Part III of the Bill deals with the statutory sick pay scheme. The Government believe that it makes sense to extend the scheme to cover the whole period for which state sickness benefit is normally paid. This will cut the overlap of occupational sick pay schemes with national insurance sickness benefits. It will reduce the effect of the anomaly caused by state sickness benefit not being taxable. It will save public expenditure and reduce staff numbers in my Department. Above all, perhaps, it builds on the success of the scheme in operation since its introduction in 1983. The responses that we have received suggest that many employees prefer statutory sick pay to sickness benefit from the state. When they are sick, all the money comes from one source, rather than from two. For those reasons, I propose that from April 1986 statutory sick pay will cover the first 28 weeks of sickness instead of eight weeks as now.

Mr. Frank Field (Birkenhead)

The Secretary of State said that he has evidence from employees that they favour the change. Will he tell us more about that evidence? I have heard no such views.

Mr. Fowler

The information collected by the Department shows that the staff whom we have been able to survey believe that the statutory sick pay scheme is an improvement upon the other scheme. I shall ask my hon. Friend the Minister of State to provide the exact data on that. [Interruption.] I must leave my hon. Friend something to do in this debate.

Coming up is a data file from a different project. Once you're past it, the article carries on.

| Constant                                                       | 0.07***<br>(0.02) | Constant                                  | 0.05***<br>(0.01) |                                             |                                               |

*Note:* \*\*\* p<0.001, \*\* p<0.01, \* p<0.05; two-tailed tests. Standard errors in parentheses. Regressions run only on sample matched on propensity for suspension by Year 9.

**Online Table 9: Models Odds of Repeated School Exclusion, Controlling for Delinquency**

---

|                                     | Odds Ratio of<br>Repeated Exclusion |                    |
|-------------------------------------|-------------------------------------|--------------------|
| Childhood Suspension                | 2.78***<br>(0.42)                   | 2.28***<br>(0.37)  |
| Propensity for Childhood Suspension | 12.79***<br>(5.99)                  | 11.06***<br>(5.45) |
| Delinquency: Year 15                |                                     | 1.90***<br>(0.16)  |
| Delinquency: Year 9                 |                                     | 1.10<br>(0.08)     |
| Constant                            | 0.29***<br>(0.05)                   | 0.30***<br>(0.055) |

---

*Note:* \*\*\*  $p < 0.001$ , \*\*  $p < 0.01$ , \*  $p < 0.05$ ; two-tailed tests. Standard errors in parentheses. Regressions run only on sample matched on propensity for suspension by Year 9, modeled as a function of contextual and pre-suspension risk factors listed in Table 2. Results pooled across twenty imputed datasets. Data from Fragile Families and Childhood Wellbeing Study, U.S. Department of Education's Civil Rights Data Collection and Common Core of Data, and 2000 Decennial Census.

Obviously, what I propose will mean some extra work for employers. However, now that statutory sick pay has successfully become a part of employers' pay procedures, this should not be extensive. Our aim has always been to keep procedures as simple as possible. To achieve that end we shall continue to consult employers' representatives fully. That is why the detailed provisions have been left to be covered in regulations. The House may wish to know that we have already had an initial response from the CBI acknowledging the basic sense of what we propose.

Mr. Charles Kennedy (Ross, Cromarty and Skye)

Given that the Minister of State will be replying about sick pay, will the Secretary of State nevertheless have regard to the small business man—the shopkeeper—for whom the change will have a significant effect and which may account for his present profits? I am thinking of the small rural storekeeper, of which there are many in my constituency. They are extremely worried about the change.

Mr. Fowler

We have decided to relieve employers of the cost of their share of the national insurance contributions paid on statutory sick pay. The significance of that, as the hon. Gentleman will recognise, is that the National Federation of Self Employed and Small Businesses, and other such organisations, have made this their major complaint about statutory sick pay. We are relieving them of the cost of their share of the national insurance contributions paid on statutory sick pay, so we are meeting their case on that. That will mean a current saving for employers of up to £40 million a year. I propose to make that change not just from 1 April 1986 but from 1 April 1985, a year before we extend the scheme, and I shall table an amendment to the Bill in committee. I hope that the point made by the hon. Member for Ross, Cromarty and Skye (Mr. Kennedy) has been met.